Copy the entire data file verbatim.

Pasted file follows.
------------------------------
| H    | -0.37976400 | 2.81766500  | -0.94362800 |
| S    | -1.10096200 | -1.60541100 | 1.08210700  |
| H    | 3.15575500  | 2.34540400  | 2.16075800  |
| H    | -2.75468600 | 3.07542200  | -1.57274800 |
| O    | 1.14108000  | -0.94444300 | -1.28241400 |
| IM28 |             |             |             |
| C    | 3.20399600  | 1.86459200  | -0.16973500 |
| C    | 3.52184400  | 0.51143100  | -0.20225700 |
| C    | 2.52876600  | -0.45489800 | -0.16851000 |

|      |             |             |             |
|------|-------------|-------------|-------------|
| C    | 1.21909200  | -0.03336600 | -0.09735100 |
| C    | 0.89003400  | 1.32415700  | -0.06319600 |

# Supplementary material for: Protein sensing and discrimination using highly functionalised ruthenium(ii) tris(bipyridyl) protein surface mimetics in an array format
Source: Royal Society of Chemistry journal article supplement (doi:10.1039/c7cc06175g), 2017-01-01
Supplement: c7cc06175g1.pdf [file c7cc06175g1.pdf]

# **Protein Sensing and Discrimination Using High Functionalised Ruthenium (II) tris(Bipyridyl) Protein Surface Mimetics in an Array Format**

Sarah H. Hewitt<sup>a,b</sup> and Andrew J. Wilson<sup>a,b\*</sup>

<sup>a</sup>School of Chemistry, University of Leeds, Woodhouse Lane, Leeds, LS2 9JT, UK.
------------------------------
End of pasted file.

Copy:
| H    | -0.37976400 | 2.81766500  | -0.94362800 |
| S    | -1.10096200 | -1.60541100 | 1.08210700  |
| H    | 3.15575500  | 2.34540400  | 2.16075800  |
| H    | -2.75468600 | 3.07542200  | -1.57274800 |
| O    | 1.14108000  | -0.94444300 | -1.28241400 |
| IM28 |             |             |             |
| C    | 3.20399600  | 1.86459200  | -0.16973500 |
| C    | 3.52184400  | 0.51143100  | -0.20225700 |
| C    | 2.52876600  | -0.45489800 | -0.16851000 |

|      |             |             |             |
|------|-------------|-------------|-------------|
| C    | 1.21909200  | -0.03336600 | -0.09735100 |
| C    | 0.89003400  | 1.32415700  | -0.06319600 |

# Supplementary material for: Protein sensing and discrimination using highly functionalised ruthenium(ii) tris(bipyridyl) protein surface mimetics in an array format
Source: Royal Society of Chemistry journal article supplement (doi:10.1039/c7cc06175g), 2017-01-01
Supplement: c7cc06175g1.pdf [file c7cc06175g1.pdf]

# **Protein Sensing and Discrimination Using High Functionalised Ruthenium (II) tris(Bipyridyl) Protein Surface Mimetics in an Array Format**

Sarah H. Hewitt<sup>a,b</sup> and Andrew J. Wilson<sup>a,b\*</sup>

<sup>a</sup>School of Chemistry, University of Leeds, Woodhouse Lane, Leeds, LS2 9JT, UK.